Italian wolf, Apennine wolf
The Italian wolf (Canis lupus italicus or Canis lupus lupus ), also known as the Apennine wolf, is a subspecies of the grey wolf native to the Italian Peninsula. It inhabits the Apennine Mountains and the Western Alps, though it is undergoing expansion towards the north and east. As of 2022 the wolf population within Italy is estimated to be 3,307 individuals. Although not universally recognised as a distinct subspecies, it nonetheless possesses a unique mtDNA haplotype and a distinct skull morphology.Show More
It has been strictly protected in Italy since the 1970s, when the population reached a low of 70–100 individuals. The population is increasing in number, though illegal hunting and persecution still constitute a threat. Since the 1990s, the Italian wolf's range has expanded into southeastern France and Switzerland.
The Italian wolf features prominently in Latin and Italian cultures, such as in the legend of the founding of Rome.It is the national animal of Italy.Show Less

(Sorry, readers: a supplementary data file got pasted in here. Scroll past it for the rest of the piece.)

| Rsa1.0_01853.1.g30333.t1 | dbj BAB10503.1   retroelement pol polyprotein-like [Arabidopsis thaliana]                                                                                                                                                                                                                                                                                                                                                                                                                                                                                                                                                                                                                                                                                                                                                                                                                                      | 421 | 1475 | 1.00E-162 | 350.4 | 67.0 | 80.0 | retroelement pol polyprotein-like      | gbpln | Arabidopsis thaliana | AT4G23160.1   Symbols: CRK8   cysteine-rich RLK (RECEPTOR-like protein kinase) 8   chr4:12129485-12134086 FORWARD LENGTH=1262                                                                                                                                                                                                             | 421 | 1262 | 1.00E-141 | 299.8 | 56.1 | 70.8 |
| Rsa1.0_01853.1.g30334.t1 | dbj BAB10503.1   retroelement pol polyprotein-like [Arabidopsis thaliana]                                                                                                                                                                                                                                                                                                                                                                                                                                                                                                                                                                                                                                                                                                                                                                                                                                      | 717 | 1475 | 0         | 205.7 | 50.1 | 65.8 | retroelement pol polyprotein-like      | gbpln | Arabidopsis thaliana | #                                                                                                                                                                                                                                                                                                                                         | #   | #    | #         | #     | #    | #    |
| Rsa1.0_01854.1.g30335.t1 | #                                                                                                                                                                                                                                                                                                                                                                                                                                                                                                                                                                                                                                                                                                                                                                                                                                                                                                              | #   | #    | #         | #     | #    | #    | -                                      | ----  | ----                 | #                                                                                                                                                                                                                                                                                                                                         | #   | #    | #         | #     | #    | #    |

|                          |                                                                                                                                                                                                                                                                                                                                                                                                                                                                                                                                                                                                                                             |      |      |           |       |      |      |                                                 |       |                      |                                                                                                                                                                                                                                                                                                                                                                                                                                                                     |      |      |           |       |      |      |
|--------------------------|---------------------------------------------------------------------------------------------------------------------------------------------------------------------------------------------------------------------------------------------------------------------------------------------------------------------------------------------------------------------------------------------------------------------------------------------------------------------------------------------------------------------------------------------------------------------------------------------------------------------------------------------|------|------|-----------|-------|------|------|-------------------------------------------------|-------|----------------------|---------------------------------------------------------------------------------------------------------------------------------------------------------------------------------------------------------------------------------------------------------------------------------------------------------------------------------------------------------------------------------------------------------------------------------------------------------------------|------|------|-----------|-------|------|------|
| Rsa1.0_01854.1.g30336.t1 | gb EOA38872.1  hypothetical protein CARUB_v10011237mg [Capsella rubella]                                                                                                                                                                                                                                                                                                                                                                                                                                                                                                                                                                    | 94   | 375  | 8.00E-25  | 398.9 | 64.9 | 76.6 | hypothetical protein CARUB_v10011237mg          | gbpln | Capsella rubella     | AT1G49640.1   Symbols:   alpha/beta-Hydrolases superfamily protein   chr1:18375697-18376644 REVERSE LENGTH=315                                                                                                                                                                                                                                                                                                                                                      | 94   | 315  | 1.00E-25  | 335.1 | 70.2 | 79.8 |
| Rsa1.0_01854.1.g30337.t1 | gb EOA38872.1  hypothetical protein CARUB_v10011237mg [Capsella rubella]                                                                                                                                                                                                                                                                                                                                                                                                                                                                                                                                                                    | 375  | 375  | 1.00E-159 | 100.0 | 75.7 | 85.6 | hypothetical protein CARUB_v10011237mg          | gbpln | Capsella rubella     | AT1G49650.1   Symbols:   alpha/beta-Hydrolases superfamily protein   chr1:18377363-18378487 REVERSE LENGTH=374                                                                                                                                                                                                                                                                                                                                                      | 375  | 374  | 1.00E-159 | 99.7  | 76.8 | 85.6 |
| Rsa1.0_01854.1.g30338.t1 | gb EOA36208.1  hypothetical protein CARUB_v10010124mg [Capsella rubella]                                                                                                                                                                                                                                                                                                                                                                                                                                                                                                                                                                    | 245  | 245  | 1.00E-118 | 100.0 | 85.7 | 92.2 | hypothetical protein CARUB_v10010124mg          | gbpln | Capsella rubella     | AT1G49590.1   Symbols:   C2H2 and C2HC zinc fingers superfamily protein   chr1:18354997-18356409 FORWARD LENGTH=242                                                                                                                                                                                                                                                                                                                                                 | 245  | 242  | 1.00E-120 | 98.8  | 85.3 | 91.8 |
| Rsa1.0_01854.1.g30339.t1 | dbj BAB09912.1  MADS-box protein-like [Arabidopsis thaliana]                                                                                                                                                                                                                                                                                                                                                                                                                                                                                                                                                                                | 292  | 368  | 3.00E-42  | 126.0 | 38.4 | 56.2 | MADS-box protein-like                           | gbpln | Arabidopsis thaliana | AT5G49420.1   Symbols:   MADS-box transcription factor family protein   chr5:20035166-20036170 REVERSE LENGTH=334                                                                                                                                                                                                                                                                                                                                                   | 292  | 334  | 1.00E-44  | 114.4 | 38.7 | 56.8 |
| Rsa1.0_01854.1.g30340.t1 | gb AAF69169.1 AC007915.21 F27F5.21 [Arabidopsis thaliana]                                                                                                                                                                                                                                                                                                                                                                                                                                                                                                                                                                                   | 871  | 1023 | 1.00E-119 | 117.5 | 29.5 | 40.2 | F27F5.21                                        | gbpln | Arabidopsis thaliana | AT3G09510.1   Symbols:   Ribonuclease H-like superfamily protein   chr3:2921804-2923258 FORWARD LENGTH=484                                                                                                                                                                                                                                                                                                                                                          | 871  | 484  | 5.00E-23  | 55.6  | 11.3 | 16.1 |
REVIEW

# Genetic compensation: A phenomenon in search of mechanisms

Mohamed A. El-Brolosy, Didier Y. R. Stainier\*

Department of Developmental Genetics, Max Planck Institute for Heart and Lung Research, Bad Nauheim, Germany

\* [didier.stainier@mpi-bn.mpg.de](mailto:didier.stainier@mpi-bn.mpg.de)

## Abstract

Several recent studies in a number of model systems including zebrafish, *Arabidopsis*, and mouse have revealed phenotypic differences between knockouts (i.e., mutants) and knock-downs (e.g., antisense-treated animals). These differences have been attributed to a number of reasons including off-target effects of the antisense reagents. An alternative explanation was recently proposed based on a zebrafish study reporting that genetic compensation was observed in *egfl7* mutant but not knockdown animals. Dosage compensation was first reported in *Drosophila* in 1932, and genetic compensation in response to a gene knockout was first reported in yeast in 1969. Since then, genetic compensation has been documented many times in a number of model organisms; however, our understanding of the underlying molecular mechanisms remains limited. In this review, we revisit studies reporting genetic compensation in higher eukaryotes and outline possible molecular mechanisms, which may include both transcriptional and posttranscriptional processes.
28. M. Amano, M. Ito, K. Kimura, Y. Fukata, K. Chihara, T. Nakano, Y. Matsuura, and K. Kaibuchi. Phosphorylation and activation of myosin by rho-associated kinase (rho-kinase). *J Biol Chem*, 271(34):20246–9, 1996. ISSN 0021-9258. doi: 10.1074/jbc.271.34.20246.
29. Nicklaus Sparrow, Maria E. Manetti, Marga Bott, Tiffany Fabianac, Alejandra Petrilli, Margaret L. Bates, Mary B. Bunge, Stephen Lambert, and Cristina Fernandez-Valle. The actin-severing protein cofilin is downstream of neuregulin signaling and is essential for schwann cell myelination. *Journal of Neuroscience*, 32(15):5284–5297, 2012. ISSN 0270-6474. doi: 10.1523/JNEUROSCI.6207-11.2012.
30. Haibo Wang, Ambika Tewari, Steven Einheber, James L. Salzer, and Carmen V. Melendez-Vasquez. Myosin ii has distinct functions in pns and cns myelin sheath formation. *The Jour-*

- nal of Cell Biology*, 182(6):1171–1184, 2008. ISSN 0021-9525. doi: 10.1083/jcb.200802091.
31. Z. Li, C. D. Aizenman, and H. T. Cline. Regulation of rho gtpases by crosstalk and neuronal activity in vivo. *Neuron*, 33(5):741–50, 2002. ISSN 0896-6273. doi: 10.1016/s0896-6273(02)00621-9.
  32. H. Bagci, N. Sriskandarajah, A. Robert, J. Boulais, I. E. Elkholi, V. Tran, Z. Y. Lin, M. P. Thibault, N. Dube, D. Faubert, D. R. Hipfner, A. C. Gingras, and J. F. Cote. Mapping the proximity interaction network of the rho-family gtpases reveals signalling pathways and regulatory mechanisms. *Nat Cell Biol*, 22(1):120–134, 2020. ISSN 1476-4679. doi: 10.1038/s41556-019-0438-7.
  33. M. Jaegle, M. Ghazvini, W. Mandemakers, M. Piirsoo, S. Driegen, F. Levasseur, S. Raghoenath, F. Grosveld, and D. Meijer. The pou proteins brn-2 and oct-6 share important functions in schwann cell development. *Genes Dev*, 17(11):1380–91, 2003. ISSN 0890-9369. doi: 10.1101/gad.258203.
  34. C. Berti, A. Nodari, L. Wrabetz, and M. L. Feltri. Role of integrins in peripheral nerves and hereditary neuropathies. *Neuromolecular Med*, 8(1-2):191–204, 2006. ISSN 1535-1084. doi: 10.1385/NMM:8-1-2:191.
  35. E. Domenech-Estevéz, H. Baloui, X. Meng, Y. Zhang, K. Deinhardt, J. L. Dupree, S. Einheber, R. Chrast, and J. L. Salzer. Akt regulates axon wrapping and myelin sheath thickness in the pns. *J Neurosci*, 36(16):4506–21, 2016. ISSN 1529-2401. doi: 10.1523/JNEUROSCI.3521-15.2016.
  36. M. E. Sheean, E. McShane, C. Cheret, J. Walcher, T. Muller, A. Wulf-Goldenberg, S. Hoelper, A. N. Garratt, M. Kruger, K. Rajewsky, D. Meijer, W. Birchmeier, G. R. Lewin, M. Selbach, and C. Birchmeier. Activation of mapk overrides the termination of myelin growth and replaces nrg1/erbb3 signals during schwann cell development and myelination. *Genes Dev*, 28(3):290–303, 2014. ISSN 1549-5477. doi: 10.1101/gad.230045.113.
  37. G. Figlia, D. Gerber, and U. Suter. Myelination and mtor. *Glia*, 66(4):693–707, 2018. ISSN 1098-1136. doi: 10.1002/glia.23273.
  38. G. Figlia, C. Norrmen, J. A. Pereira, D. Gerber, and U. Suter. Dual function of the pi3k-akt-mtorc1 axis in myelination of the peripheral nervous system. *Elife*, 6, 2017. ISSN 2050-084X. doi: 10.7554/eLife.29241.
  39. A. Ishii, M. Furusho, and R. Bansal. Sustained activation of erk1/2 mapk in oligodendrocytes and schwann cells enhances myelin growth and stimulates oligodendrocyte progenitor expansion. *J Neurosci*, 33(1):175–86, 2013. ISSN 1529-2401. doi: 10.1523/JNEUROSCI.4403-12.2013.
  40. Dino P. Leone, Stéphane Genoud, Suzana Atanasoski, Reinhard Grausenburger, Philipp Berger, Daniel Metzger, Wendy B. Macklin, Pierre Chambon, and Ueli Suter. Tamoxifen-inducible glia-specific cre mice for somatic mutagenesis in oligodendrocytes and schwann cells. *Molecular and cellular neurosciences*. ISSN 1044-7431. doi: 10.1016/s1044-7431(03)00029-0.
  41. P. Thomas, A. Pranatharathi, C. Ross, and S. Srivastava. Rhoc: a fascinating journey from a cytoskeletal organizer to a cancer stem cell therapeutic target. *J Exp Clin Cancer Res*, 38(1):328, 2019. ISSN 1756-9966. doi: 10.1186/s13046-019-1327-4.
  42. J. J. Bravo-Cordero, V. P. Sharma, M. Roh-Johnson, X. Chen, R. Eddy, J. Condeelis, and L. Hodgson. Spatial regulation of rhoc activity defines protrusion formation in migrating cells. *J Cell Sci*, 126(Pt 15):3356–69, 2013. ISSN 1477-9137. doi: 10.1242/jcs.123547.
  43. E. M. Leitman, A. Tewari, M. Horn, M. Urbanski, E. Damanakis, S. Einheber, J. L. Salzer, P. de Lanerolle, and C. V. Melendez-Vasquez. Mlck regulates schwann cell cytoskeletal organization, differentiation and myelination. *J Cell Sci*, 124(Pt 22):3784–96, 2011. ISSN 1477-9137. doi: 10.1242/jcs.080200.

The Italian wolf typically weighs 25–35 kg (55–77 lb), though some large males have been weighed at 40–45 kg (88–99 lb). It measures 110–148 cm (43–58 in) in body length and 50–70 cm (20–28 in) in shoulder height. The pelt is generally of a grey-fulvous colour, which reddens in summer. The belly and cheeks are more lightly coloured, and dark bands are present on the back and tail tip, and occasionally along the fore limbs. Black wolves have been reported in the north-central Apennines, though their origin is unknown, as some melanistic individuals show no sign of wolf-dog hybridisation. It typically lives in packs of two to seven individuals.
Wolf populations strongly declined across Europe during the 18th and 19th centuries largely due to human persecution, and by the end of the Second World War they had been eradicated from all of Central Europe and almost all of Northern Europe. Their population decline continued until the 1960s, with isolated populations surviving in Italy, Spain, Portugal, Greece, and Finland. Wolf populations have commenced recovering naturally since then.